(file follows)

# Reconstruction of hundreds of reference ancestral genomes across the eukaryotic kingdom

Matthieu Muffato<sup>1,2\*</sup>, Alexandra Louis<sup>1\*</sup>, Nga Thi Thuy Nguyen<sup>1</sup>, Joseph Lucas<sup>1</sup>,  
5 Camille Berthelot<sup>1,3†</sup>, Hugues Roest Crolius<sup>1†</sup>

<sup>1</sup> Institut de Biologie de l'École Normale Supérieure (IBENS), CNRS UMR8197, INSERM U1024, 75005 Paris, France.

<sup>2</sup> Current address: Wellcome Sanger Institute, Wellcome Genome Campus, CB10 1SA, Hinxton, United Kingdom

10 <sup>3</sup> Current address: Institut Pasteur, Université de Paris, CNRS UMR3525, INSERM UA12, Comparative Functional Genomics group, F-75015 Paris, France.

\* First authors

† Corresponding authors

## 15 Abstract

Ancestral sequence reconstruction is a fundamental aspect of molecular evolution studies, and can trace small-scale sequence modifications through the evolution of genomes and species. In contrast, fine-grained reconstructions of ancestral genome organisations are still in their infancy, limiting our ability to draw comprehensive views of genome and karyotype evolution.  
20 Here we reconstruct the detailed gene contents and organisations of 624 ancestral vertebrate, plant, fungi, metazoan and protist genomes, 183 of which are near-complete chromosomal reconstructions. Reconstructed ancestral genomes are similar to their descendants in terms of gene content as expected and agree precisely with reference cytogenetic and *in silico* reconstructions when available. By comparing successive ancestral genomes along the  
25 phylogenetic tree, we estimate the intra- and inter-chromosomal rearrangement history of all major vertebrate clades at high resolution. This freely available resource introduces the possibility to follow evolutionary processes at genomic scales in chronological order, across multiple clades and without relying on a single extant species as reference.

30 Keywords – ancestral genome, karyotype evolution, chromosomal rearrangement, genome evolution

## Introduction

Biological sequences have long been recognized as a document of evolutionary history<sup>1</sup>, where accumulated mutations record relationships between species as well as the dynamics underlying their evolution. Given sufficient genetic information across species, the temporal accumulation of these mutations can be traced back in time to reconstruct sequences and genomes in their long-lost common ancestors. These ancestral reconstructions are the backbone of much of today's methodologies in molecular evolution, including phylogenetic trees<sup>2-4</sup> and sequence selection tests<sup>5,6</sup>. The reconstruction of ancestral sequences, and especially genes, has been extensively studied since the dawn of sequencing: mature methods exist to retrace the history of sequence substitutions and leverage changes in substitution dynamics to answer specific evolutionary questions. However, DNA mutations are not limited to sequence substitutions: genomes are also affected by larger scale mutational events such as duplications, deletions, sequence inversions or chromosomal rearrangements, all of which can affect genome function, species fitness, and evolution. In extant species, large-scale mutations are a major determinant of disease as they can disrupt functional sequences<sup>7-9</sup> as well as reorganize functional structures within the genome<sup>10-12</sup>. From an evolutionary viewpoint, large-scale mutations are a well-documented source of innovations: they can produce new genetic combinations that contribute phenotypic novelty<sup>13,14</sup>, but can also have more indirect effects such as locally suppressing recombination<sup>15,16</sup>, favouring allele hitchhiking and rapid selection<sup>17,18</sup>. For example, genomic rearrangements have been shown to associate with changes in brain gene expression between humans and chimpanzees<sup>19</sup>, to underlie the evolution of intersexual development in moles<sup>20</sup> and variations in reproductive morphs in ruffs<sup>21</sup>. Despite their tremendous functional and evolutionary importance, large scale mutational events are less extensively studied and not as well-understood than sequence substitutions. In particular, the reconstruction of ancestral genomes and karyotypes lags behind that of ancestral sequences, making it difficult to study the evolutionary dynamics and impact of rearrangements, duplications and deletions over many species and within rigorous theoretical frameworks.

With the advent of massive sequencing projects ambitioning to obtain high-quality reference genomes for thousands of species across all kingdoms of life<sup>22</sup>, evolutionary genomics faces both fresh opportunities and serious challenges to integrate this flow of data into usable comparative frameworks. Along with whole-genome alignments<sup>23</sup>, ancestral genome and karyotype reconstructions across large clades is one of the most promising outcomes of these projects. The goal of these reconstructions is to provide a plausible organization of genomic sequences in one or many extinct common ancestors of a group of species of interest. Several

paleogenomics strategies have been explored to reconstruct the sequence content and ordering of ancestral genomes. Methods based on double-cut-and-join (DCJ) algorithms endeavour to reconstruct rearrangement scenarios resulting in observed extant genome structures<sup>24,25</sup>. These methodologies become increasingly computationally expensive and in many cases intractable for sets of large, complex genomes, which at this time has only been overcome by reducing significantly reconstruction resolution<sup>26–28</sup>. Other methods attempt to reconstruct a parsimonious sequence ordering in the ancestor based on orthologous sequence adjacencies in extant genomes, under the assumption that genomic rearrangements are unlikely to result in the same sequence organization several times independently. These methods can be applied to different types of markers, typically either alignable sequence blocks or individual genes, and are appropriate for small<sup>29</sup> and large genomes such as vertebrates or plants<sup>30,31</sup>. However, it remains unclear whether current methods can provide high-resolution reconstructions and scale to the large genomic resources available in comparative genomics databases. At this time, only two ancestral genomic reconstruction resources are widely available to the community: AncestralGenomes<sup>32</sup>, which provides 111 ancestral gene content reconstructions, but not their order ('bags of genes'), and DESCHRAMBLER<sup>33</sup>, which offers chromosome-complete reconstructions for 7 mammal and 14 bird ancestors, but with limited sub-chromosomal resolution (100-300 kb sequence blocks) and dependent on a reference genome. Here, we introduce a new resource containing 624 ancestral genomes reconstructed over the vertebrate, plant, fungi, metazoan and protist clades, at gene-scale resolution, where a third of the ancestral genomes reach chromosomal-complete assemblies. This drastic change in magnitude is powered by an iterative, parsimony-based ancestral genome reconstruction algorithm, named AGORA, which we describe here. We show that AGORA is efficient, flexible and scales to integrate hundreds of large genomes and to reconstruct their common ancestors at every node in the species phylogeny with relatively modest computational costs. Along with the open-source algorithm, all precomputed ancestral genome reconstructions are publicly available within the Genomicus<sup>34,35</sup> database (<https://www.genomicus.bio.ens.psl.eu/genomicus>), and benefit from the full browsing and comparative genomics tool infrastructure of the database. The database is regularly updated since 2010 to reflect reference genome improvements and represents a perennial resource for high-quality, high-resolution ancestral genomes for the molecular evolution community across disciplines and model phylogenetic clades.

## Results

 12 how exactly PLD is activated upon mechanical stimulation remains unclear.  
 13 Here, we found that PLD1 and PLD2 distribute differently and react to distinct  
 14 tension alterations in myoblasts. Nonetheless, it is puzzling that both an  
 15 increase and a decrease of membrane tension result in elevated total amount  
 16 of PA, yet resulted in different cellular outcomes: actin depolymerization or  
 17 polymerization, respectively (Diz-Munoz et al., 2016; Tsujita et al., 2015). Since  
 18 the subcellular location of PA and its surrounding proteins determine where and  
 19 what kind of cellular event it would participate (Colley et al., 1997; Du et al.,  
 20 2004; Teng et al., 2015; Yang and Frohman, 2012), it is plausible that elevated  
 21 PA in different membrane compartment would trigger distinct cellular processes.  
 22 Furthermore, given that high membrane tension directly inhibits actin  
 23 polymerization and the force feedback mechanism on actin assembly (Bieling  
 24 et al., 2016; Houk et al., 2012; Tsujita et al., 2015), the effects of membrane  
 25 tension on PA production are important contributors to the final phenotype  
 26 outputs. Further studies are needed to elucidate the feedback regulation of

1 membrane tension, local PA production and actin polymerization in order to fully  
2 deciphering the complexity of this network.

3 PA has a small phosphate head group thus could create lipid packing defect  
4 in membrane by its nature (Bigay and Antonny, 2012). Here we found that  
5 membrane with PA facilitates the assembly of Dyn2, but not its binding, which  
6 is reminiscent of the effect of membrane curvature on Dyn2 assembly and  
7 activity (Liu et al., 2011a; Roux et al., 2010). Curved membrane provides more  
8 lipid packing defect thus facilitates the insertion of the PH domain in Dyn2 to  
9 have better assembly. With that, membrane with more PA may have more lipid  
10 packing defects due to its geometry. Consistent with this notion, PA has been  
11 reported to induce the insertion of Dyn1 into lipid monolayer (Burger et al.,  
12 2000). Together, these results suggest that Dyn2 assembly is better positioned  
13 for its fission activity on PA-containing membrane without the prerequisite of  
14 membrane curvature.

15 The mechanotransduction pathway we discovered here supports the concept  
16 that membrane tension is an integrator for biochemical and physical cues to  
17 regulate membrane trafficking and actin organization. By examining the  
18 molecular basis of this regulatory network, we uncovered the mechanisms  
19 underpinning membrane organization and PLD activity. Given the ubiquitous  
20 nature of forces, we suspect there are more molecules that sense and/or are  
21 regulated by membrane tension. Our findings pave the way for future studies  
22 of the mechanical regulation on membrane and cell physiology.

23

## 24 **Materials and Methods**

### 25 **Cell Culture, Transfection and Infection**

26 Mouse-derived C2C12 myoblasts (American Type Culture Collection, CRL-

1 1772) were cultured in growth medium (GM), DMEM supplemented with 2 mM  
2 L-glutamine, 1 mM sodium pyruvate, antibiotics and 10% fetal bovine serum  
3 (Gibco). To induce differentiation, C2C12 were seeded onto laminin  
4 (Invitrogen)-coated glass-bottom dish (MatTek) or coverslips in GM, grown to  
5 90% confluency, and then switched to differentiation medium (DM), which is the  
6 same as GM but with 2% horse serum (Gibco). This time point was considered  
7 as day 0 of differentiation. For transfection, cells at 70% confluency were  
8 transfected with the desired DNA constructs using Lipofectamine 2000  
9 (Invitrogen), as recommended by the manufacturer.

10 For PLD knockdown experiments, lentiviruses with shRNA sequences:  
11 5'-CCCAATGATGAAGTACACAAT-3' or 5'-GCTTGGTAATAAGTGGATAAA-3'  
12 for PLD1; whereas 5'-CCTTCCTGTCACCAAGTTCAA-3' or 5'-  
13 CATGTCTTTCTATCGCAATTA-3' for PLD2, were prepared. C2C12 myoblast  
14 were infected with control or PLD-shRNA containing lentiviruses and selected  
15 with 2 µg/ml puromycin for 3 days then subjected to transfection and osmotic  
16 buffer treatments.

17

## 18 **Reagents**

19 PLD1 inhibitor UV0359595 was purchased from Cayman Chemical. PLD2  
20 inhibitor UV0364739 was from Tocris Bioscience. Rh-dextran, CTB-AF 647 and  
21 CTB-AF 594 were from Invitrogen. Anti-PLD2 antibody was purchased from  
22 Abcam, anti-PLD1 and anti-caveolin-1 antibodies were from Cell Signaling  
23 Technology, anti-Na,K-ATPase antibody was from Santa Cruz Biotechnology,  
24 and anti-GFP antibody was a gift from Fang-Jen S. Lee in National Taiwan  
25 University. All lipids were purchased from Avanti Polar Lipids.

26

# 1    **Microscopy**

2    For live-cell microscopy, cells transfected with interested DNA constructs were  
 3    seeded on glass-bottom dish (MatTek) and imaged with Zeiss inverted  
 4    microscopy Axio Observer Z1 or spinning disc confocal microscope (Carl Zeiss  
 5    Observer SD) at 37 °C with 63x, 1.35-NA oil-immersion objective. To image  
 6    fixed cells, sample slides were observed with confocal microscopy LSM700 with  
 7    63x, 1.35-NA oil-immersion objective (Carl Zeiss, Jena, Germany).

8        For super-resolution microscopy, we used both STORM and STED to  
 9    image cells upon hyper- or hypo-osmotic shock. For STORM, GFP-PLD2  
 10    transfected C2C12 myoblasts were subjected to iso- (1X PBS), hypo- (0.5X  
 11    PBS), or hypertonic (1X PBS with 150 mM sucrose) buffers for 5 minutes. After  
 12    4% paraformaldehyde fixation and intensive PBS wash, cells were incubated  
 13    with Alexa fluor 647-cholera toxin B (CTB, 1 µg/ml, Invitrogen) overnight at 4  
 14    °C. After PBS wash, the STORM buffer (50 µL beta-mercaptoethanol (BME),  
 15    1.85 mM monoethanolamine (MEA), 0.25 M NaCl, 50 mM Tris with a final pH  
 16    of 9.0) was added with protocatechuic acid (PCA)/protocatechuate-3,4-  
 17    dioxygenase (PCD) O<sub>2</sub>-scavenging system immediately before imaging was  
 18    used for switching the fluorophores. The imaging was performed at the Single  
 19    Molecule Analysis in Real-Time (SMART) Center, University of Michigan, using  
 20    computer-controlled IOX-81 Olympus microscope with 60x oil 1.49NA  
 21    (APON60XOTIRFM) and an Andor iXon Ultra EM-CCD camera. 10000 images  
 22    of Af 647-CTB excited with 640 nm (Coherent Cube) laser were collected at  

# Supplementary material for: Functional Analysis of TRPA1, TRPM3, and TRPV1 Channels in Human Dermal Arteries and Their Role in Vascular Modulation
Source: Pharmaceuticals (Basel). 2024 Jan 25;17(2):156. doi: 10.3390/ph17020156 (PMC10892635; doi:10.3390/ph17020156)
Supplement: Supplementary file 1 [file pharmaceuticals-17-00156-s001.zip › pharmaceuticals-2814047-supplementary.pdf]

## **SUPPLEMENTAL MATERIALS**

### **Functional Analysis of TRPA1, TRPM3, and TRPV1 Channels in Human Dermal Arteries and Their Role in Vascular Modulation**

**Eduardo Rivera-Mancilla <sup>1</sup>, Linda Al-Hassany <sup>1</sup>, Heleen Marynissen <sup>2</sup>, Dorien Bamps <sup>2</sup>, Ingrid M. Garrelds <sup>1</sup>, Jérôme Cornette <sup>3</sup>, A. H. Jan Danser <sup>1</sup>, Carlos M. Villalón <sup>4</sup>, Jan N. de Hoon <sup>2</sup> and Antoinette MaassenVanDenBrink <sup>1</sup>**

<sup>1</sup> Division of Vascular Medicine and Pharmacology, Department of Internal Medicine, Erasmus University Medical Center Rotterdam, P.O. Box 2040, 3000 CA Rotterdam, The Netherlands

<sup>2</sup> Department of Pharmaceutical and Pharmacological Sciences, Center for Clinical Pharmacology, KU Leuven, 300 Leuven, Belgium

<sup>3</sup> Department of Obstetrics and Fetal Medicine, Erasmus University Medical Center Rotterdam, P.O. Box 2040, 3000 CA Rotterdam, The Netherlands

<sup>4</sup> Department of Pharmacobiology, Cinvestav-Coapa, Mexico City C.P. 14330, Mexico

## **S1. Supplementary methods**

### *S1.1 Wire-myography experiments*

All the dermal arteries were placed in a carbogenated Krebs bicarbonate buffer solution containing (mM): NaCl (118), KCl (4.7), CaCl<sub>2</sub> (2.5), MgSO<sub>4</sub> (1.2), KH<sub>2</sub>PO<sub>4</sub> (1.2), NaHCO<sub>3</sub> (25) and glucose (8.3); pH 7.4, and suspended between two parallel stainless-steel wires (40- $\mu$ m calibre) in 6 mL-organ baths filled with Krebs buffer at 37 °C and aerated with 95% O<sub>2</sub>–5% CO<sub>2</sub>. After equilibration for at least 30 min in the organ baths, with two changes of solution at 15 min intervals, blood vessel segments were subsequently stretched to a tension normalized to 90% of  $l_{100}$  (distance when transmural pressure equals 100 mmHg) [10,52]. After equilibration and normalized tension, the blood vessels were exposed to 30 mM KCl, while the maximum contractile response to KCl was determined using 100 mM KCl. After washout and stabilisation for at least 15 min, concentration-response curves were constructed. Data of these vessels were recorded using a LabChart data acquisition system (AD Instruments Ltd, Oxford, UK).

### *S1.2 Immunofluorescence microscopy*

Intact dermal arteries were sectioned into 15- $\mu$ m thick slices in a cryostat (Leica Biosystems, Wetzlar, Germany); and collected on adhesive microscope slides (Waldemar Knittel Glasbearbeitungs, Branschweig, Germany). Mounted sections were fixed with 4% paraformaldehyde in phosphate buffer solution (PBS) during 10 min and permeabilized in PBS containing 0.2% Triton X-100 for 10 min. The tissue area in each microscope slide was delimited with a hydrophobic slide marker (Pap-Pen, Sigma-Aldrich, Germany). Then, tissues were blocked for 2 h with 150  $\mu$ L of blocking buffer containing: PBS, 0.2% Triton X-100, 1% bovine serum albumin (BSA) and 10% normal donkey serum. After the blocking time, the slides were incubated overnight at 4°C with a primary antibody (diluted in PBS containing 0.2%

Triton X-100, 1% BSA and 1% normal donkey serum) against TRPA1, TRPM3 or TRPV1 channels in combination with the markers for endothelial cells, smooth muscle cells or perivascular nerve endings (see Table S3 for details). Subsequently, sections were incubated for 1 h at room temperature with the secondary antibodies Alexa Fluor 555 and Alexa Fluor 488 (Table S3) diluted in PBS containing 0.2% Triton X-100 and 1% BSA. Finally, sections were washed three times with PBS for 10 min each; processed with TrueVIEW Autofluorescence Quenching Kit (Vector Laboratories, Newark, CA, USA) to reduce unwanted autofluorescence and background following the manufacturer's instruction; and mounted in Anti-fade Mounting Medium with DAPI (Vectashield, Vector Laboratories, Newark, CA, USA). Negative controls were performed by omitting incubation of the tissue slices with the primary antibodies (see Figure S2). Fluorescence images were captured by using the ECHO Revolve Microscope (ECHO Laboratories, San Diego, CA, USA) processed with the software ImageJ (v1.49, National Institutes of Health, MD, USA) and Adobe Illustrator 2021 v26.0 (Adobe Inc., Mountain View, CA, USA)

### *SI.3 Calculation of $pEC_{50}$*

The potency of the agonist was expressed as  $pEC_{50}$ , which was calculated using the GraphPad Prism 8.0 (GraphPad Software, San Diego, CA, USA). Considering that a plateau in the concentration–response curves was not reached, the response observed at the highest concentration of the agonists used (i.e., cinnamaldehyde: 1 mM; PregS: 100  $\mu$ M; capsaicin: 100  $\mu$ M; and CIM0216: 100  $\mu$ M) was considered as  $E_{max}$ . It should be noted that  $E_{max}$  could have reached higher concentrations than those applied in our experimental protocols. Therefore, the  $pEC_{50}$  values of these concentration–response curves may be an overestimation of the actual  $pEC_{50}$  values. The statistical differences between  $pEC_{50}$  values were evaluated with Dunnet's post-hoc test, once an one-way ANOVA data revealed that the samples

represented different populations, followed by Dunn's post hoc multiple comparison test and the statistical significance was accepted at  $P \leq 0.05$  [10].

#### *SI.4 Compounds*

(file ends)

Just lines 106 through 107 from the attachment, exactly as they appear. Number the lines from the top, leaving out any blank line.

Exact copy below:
 21    (APON60XOTIRFM) and an Andor iXon Ultra EM-CCD camera. 10000 images  
 22    of Af 647-CTB excited with 640 nm (Coherent Cube) laser were collected at  